In the fixed income section of portfolios, we believe our underweight is still justified. There are a number of potential challenges ahead for financial markets, not least the changing direction of monetary policy. As we head towards a world of higher interest rates, fixed income instruments are likely to suffer, and this may send jitters through the stock market too. We added some protection to portfolios to reduce the impact of declines during nervous periods, and as long as economic growth stays strong, we may well look to use pullbacks as an opportunity to increase our equity exposure still further.
Investment Manager at Seven Investment Management
Daniel Casali, Partner at Smith & Williamson, says:
Politics continues to remain a source of uncertainty in Europe. In Italy, the fact that a government has talked about holding a referendum on the country’s membership of the eurozone is a tail-risk for markets. Meanwhile, in Germany, months of stalemate over forming a government has come at a cost to Angela Merkel and her position as Chancellor, and leadership of the EU, may have been weakened at a vital stage in UK-EU Brexit negotiations.
Another source of market volatility is US trade protectionism. With an eye to the mid-term elections in November and on his own potential re-election in 2020, President Trump is pandering to his anti-trade support base in the rust-belt states to onshore jobs back to the US. It could also be that Trump is using his protectionism agenda as a signal to force other major trading nations, e.g. the eurozone and Japan, to allow their currencies to appreciate against the US dollar. The hope is that this would reduce the US trade deficit and boost US competitiveness over the long term.
With an eye to the mid-term elections in November and on his own potential re-election in 2020, President Trump is pandering to his anti-trade support base in the rust-belt states to onshore jobs back to the US.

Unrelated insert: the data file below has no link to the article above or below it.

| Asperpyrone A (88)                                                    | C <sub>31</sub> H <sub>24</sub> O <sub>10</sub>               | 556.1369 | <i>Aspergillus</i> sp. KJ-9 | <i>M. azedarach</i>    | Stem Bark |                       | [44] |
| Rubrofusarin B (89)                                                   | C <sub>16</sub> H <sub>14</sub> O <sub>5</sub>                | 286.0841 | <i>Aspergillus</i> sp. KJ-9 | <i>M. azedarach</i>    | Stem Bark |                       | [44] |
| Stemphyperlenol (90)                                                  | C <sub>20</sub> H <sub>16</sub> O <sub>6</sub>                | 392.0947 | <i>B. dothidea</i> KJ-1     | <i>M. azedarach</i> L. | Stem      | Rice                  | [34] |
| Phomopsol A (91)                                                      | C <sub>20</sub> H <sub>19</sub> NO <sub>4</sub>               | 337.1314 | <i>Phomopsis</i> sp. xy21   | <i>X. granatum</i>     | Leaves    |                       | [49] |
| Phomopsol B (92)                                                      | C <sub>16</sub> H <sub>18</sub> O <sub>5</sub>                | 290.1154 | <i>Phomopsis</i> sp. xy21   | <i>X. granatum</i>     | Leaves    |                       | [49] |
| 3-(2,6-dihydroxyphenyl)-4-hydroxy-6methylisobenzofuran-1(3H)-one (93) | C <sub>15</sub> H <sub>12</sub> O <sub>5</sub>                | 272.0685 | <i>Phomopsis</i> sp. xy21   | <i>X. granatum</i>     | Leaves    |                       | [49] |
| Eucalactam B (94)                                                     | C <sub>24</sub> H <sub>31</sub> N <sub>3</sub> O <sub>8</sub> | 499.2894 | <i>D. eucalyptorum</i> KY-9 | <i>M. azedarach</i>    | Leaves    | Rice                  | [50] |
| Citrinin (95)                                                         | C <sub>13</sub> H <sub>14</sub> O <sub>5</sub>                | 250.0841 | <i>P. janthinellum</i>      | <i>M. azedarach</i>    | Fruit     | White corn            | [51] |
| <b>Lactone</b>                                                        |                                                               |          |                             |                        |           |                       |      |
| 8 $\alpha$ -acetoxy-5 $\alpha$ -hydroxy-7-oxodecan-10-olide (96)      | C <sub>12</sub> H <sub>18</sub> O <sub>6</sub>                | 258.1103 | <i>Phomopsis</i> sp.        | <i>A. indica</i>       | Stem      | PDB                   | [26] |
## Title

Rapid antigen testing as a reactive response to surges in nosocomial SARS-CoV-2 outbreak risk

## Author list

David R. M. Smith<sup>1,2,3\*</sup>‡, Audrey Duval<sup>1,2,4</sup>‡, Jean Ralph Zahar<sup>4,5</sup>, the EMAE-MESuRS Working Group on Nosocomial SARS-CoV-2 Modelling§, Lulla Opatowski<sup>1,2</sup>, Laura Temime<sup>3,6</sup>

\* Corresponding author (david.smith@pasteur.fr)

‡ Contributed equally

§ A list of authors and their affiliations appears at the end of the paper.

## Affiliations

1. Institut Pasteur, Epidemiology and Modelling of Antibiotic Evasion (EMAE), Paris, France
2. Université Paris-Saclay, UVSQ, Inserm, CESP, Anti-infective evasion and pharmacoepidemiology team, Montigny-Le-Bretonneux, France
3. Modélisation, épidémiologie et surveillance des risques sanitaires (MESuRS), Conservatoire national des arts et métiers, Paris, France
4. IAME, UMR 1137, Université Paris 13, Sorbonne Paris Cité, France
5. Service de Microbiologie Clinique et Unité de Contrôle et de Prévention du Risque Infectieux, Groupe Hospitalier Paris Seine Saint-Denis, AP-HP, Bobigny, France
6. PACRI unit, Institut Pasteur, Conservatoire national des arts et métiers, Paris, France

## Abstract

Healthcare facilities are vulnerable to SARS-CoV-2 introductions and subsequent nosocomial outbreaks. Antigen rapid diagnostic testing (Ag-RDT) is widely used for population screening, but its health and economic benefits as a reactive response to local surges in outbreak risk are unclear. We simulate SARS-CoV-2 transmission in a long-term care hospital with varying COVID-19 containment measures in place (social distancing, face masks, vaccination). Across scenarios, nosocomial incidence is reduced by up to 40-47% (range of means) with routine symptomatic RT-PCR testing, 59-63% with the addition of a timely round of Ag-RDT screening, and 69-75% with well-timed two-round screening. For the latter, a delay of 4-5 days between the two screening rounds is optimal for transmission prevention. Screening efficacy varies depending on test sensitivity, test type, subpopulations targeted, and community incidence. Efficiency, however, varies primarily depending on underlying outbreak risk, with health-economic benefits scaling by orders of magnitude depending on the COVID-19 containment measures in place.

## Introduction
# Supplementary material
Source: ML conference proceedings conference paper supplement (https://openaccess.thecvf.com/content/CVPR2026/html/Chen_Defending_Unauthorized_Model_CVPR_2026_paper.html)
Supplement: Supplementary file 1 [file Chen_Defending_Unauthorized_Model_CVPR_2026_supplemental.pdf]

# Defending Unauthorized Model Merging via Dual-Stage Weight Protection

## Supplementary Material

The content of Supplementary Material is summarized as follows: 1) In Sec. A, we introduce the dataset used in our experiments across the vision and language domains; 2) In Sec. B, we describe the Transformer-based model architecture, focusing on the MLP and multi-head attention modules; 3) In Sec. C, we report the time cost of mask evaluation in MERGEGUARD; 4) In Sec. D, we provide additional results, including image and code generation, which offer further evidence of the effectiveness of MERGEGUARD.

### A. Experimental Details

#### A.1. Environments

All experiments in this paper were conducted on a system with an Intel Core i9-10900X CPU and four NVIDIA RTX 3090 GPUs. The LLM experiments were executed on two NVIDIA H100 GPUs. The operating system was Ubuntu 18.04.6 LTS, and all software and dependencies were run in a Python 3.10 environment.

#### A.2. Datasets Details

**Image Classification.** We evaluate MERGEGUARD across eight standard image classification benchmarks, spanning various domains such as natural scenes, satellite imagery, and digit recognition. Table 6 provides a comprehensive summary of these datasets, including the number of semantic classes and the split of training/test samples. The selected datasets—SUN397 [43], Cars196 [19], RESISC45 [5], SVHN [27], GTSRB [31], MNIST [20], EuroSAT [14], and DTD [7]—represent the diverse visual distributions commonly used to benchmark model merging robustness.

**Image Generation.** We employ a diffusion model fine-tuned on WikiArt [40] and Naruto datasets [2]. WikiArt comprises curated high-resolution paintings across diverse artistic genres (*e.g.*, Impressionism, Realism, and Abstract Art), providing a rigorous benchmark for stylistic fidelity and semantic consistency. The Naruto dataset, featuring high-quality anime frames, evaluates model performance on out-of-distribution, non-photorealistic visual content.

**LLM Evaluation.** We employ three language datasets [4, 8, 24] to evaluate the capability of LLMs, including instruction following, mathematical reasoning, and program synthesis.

While it remains to be seen if China and US are able to work out trade disagreements, at least trade tariffs are relatively low historically. Global economic growth is also broadening and US share buy-backs are running at a record annualised pace of over $800bn. Beyond the short-term market volatility, that should give some succour to global risk assets.
Partner at Smith & Williamson
Tom Becket, Chief Investment Officer at Psigma Investment Management, says:
“The first quarter of 2018 brought a ‘regime change’ to global asset markets, with positive returns hard to come by and volatility rising. To a great extent this should have been expected after very strong gains for markets globally and abnormally low levels of volatility in late 2016 and throughout 2017.
Many commentators have been surprised by the change in market behaviour, as it has come at a time when the global economy is expanding and corporate profits are expected to grow at a healthy pace in the year ahead. However, our view is that the global outlook has become more uncertain and historically when this has been combined with high valuations and creeping complacency, it has spelt trouble for investors.
Our portfolios are positioned with a ‘neutral with a hint of caution’ stance, with high levels of diversification and a healthy cash buffer.